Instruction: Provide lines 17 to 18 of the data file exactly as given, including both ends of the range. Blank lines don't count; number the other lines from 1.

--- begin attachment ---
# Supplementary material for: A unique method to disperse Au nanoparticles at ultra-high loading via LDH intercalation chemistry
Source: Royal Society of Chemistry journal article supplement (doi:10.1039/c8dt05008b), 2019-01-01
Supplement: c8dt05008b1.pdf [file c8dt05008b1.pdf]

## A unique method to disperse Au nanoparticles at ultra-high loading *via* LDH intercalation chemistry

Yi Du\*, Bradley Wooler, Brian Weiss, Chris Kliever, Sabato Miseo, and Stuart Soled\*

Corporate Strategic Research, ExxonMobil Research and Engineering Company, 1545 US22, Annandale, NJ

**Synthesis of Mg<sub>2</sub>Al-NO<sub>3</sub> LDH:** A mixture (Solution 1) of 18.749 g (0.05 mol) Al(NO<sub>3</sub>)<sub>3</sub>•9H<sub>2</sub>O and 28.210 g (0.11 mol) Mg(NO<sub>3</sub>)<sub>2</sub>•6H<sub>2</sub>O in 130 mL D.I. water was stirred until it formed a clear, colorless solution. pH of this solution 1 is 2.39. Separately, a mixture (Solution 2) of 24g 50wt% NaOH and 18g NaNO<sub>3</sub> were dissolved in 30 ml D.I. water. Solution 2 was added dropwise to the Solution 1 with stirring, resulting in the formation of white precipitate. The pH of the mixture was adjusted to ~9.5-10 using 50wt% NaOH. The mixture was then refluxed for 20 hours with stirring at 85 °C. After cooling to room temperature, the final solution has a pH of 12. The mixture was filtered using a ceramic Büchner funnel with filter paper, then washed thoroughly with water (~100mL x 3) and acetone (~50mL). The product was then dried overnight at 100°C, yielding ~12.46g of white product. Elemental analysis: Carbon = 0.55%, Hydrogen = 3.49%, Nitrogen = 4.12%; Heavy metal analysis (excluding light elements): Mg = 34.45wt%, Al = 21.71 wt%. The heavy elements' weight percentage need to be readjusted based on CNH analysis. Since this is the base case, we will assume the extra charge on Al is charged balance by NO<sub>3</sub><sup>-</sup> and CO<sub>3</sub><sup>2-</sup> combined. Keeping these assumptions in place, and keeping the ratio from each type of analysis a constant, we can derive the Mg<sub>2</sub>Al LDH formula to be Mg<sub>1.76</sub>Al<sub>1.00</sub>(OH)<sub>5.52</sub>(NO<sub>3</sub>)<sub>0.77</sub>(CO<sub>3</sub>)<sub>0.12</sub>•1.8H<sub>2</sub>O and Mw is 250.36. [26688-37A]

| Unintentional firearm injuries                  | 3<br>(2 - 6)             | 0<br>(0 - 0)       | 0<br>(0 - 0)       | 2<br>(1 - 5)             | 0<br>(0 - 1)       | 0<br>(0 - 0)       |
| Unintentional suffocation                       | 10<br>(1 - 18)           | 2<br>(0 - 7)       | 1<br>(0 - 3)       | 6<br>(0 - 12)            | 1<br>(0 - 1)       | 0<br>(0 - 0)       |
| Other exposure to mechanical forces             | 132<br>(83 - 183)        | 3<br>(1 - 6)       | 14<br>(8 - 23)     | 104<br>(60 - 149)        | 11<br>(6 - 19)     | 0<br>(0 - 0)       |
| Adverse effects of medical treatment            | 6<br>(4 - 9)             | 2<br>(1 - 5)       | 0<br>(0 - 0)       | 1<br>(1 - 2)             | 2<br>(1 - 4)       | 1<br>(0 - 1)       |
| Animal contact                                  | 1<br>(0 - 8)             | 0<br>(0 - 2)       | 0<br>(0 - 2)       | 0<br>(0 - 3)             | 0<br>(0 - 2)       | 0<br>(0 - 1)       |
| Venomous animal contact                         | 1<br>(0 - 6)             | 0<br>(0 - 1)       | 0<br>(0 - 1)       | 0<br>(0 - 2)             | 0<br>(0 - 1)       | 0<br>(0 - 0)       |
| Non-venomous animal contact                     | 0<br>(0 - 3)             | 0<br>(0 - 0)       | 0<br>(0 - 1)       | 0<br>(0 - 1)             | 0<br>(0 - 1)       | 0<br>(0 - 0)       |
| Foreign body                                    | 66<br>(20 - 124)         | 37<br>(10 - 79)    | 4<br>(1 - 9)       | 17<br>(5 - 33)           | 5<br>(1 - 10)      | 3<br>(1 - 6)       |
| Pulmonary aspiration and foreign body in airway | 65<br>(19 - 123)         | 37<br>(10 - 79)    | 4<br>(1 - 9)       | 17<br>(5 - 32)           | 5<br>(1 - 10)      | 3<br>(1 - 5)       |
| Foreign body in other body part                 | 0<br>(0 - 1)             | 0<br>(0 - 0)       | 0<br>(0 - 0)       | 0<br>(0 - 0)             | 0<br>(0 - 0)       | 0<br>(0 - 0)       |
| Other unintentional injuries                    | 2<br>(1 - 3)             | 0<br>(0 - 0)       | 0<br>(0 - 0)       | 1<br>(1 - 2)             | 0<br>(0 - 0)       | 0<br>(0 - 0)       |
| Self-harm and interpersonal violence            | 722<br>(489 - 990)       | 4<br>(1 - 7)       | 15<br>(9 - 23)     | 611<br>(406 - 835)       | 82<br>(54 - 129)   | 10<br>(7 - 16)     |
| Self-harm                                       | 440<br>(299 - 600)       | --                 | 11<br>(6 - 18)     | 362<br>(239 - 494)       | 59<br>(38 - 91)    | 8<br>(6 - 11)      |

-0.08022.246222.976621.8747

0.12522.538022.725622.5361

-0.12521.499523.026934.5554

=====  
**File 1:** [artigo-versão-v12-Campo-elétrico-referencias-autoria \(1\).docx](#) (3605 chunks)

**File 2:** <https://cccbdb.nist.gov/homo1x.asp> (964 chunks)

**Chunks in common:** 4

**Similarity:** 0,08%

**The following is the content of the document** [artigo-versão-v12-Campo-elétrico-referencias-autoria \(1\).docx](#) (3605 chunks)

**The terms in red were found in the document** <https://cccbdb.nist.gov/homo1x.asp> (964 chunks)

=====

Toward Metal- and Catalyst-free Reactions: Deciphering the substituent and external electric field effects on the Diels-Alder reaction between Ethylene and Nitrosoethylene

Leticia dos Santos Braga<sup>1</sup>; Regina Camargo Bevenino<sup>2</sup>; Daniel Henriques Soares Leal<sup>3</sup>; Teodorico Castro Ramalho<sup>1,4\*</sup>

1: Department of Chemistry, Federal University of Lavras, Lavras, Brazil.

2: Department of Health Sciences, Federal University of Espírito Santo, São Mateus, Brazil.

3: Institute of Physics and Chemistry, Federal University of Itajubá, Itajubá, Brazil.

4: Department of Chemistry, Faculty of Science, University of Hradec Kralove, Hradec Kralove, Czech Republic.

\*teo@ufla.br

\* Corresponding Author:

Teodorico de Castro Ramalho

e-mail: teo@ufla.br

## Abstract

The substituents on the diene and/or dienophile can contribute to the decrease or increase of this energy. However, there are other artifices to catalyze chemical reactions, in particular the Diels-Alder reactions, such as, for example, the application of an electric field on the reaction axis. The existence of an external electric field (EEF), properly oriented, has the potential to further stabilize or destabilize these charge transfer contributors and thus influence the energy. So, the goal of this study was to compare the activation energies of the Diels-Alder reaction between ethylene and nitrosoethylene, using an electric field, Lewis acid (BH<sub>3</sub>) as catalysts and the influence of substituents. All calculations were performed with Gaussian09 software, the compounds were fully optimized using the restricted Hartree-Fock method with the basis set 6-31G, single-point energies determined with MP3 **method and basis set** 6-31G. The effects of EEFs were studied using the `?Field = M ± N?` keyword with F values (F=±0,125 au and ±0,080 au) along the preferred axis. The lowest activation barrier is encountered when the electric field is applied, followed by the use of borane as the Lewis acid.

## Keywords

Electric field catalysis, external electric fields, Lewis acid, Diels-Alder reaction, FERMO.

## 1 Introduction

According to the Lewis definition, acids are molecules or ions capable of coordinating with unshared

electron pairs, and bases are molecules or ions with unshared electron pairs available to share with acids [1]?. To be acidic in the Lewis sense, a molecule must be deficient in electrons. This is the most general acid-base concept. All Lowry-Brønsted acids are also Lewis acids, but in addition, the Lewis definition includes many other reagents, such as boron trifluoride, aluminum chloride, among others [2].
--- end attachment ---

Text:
| Foreign body in other body part                 | 0<br>(0 - 1)             | 0<br>(0 - 0)       | 0<br>(0 - 0)       | 0<br>(0 - 0)             | 0<br>(0 - 0)       | 0<br>(0 - 0)       |
| Other unintentional injuries                    | 2<br>(1 - 3)             | 0<br>(0 - 0)       | 0<br>(0 - 0)       | 1<br>(1 - 2)             | 0<br>(0 - 0)       | 0<br>(0 - 0)       |